Design Thinking (DT) is a very demanding creativity and innovation paradigm. It forces project members to face multiple approaches, frequent perspective changes, as well as continuous decision-making. It requires a lot of commitment and personal engagement, thus changing people’s views on their standard work practices.
Those complex changes may influence short- and long-term personal mood states and cause drops in subjective wellbeing. We refer to this process as “post-creativity frustration”. Psychology has classified mood drops and depression as ranging from natural processes that helps with concentrating on own needs to very serious mental illnesses.
Creativity and decision processes have previously been linked to depression in several contexts. A popular myth considers manic-depressive artists to be outstandingly expressive and imaginative. Also, many thinkers and philosophers are reported to develop similar symptoms, while excelling in their particular fields. Similar effects occur also in people’s daily lives. For instance, making decisions causes some sense of loss, which may issue in post-decisive (cognitive) dissonance or another chronic form of emotional discomfort.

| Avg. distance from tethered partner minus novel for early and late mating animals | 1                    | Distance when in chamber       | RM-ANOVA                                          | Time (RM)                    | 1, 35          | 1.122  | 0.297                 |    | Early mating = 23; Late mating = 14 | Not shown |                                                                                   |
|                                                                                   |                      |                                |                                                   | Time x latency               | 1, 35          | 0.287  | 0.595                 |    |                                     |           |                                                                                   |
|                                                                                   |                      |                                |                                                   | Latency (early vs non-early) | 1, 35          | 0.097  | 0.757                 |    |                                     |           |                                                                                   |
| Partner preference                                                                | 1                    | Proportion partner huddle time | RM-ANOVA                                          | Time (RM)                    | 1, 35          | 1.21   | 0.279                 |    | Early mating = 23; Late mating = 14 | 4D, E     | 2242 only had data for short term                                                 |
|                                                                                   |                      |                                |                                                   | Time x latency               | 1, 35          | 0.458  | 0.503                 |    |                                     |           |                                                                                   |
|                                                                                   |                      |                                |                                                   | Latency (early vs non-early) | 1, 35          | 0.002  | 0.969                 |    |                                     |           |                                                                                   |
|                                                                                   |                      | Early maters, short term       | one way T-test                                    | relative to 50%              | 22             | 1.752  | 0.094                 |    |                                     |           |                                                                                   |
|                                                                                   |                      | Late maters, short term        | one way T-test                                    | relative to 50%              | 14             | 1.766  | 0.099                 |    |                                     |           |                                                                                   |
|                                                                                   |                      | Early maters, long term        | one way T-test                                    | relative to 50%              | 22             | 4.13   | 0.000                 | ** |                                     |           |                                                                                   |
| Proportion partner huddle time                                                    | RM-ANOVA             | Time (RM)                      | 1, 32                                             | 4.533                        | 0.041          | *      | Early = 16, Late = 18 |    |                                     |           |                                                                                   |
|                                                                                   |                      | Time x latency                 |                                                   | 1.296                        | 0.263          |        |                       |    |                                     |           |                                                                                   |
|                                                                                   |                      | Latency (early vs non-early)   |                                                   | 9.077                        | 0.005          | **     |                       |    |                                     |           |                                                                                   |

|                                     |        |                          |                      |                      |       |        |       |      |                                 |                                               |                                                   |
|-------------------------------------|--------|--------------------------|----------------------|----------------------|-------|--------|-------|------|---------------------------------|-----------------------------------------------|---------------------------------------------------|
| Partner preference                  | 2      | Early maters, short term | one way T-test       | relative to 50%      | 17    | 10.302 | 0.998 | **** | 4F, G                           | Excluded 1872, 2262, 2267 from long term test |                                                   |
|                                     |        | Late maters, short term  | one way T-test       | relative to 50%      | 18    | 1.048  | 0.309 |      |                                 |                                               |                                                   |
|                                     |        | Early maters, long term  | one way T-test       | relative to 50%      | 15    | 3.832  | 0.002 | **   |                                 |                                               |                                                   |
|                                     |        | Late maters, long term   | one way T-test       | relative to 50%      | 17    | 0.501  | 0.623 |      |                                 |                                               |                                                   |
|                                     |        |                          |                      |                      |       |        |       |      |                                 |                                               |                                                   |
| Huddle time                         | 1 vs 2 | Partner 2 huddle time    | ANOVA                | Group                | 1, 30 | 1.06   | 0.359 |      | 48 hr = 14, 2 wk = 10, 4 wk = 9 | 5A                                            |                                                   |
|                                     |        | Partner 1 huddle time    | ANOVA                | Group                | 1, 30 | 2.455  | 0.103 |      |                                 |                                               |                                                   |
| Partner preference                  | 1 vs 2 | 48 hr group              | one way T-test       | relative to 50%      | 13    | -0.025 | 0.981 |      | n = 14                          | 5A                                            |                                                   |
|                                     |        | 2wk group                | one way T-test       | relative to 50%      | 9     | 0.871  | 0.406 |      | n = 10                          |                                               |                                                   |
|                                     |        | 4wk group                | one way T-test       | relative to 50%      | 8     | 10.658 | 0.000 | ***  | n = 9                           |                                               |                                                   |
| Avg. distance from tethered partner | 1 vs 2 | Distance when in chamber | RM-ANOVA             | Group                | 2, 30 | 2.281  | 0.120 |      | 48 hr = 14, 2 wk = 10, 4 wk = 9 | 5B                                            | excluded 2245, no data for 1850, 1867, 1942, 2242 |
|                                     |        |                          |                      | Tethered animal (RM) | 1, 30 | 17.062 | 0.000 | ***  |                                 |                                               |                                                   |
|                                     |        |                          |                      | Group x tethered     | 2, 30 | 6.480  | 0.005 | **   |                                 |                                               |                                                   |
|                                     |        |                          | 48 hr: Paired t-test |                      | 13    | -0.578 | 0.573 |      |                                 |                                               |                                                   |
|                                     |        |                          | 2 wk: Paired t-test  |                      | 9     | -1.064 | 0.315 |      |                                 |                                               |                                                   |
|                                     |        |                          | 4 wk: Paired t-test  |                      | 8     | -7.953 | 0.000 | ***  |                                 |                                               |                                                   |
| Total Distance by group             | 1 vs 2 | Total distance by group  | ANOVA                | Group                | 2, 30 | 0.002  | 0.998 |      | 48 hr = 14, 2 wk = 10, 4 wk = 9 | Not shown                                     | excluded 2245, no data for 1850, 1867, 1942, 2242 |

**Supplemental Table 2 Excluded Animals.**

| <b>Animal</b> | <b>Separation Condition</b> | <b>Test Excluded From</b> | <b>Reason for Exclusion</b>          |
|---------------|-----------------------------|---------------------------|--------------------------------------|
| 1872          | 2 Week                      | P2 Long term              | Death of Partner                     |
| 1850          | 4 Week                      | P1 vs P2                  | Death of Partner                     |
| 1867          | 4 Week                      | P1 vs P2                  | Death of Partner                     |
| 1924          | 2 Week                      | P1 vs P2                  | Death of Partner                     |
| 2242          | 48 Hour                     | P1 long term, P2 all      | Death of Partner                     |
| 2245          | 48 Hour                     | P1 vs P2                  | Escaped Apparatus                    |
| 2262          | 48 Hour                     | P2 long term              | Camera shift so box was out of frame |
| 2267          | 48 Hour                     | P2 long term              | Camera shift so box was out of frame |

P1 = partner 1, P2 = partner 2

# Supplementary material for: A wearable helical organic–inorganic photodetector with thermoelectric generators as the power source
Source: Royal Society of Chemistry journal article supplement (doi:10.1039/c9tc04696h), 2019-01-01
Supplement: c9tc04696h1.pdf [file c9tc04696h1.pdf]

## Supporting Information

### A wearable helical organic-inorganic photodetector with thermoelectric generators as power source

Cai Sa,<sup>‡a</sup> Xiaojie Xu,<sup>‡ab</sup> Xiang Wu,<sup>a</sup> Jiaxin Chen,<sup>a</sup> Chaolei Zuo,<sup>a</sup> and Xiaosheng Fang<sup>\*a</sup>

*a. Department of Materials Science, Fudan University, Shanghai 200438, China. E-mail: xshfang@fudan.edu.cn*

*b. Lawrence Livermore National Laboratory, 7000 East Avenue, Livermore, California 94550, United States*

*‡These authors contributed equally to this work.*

All those forms of mental states have strong influence on people’s life. In extreme cases, (re)construction of work or personal practices and routines becomes difficult or almost impossible. Does this also hold for fluctuation in ones mental states that follow on intensive creativity phases? Within this project we aim at answering questions like:
1. What are the factors that describe people’s mental states during and after an intensive creative phase?
2. What are the long-term consequences of DT experience for one’s wellbeing?
3. What are the possible steps to facilitate a “return to normalcy” after a DT phase?